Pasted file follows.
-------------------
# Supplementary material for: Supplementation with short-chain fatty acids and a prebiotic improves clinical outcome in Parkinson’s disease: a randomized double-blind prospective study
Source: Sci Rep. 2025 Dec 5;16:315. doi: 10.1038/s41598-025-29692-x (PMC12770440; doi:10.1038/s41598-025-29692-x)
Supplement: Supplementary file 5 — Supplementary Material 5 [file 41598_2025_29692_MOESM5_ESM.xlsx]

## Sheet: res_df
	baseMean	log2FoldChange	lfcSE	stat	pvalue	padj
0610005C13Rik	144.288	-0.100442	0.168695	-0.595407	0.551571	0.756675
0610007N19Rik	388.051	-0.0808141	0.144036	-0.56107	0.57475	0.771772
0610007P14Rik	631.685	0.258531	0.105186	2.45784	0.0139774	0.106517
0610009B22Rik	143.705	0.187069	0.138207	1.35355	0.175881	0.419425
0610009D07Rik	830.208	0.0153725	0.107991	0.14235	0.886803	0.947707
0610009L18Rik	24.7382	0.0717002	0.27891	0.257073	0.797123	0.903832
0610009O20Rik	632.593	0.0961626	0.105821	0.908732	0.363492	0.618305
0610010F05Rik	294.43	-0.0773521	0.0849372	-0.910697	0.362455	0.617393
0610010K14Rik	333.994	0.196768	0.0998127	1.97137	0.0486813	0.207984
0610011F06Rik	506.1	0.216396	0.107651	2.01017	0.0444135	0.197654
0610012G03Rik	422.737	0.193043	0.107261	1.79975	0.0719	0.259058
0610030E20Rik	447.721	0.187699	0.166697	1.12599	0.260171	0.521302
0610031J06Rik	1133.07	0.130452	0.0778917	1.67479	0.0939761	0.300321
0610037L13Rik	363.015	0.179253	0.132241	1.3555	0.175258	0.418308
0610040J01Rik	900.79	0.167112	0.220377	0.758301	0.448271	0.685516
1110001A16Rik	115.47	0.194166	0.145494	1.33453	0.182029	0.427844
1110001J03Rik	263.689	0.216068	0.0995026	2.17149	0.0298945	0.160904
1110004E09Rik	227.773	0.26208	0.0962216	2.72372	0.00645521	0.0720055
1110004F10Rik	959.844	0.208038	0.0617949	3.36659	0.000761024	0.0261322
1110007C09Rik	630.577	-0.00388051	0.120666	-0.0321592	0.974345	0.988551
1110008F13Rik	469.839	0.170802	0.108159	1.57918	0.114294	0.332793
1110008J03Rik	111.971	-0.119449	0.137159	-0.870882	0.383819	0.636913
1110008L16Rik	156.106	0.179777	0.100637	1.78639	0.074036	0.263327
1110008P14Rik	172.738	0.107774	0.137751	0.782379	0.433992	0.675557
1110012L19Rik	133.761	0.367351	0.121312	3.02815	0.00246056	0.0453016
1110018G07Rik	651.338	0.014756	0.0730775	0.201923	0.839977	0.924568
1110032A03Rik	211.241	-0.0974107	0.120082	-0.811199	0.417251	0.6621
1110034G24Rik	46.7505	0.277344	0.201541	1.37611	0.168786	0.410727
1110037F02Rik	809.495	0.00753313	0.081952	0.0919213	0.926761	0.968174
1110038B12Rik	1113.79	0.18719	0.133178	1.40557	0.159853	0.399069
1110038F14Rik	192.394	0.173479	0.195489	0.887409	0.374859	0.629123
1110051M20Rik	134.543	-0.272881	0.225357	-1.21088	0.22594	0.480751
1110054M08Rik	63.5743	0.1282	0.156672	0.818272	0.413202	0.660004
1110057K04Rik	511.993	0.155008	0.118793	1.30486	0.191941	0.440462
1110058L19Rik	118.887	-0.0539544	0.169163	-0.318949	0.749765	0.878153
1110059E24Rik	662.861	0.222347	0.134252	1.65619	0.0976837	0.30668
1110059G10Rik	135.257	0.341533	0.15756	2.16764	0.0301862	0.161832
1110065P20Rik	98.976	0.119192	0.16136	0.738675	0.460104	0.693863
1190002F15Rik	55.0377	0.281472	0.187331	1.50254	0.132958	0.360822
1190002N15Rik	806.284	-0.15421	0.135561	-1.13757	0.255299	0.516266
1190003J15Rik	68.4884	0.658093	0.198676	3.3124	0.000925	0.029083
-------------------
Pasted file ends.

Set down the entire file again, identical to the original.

# Supplementary material for: Supplementation with short-chain fatty acids and a prebiotic improves clinical outcome in Parkinson’s disease: a randomized double-blind prospective study
Source: Sci Rep. 2025 Dec 5;16:315. doi: 10.1038/s41598-025-29692-x (PMC12770440; doi:10.1038/s41598-025-29692-x)
Supplement: Supplementary file 5 — Supplementary Material 5 [file 41598_2025_29692_MOESM5_ESM.xlsx]

## Sheet: res_df
	baseMean	log2FoldChange	lfcSE	stat	pvalue	padj
0610005C13Rik	144.288	-0.100442	0.168695	-0.595407	0.551571	0.756675
0610007N19Rik	388.051	-0.0808141	0.144036	-0.56107	0.57475	0.771772
0610007P14Rik	631.685	0.258531	0.105186	2.45784	0.0139774	0.106517
0610009B22Rik	143.705	0.187069	0.138207	1.35355	0.175881	0.419425
0610009D07Rik	830.208	0.0153725	0.107991	0.14235	0.886803	0.947707
0610009L18Rik	24.7382	0.0717002	0.27891	0.257073	0.797123	0.903832
0610009O20Rik	632.593	0.0961626	0.105821	0.908732	0.363492	0.618305
0610010F05Rik	294.43	-0.0773521	0.0849372	-0.910697	0.362455	0.617393
0610010K14Rik	333.994	0.196768	0.0998127	1.97137	0.0486813	0.207984
0610011F06Rik	506.1	0.216396	0.107651	2.01017	0.0444135	0.197654
0610012G03Rik	422.737	0.193043	0.107261	1.79975	0.0719	0.259058
0610030E20Rik	447.721	0.187699	0.166697	1.12599	0.260171	0.521302
0610031J06Rik	1133.07	0.130452	0.0778917	1.67479	0.0939761	0.300321
0610037L13Rik	363.015	0.179253	0.132241	1.3555	0.175258	0.418308
0610040J01Rik	900.79	0.167112	0.220377	0.758301	0.448271	0.685516
1110001A16Rik	115.47	0.194166	0.145494	1.33453	0.182029	0.427844
1110001J03Rik	263.689	0.216068	0.0995026	2.17149	0.0298945	0.160904
1110004E09Rik	227.773	0.26208	0.0962216	2.72372	0.00645521	0.0720055
1110004F10Rik	959.844	0.208038	0.0617949	3.36659	0.000761024	0.0261322
1110007C09Rik	630.577	-0.00388051	0.120666	-0.0321592	0.974345	0.988551
1110008F13Rik	469.839	0.170802	0.108159	1.57918	0.114294	0.332793
1110008J03Rik	111.971	-0.119449	0.137159	-0.870882	0.383819	0.636913
1110008L16Rik	156.106	0.179777	0.100637	1.78639	0.074036	0.263327
1110008P14Rik	172.738	0.107774	0.137751	0.782379	0.433992	0.675557
1110012L19Rik	133.761	0.367351	0.121312	3.02815	0.00246056	0.0453016
1110018G07Rik	651.338	0.014756	0.0730775	0.201923	0.839977	0.924568
1110032A03Rik	211.241	-0.0974107	0.120082	-0.811199	0.417251	0.6621
1110034G24Rik	46.7505	0.277344	0.201541	1.37611	0.168786	0.410727
1110037F02Rik	809.495	0.00753313	0.081952	0.0919213	0.926761	0.968174
1110038B12Rik	1113.79	0.18719	0.133178	1.40557	0.159853	0.399069
1110038F14Rik	192.394	0.173479	0.195489	0.887409	0.374859	0.629123
1110051M20Rik	134.543	-0.272881	0.225357	-1.21088	0.22594	0.480751
1110054M08Rik	63.5743	0.1282	0.156672	0.818272	0.413202	0.660004
1110057K04Rik	511.993	0.155008	0.118793	1.30486	0.191941	0.440462
1110058L19Rik	118.887	-0.0539544	0.169163	-0.318949	0.749765	0.878153
1110059E24Rik	662.861	0.222347	0.134252	1.65619	0.0976837	0.30668
1110059G10Rik	135.257	0.341533	0.15756	2.16764	0.0301862	0.161832
1110065P20Rik	98.976	0.119192	0.16136	0.738675	0.460104	0.693863
1190002F15Rik	55.0377	0.281472	0.187331	1.50254	0.132958	0.360822
1190002N15Rik	806.284	-0.15421	0.135561	-1.13757	0.255299	0.516266
1190003J15Rik	68.4884	0.658093	0.198676	3.3124	0.000925	0.029083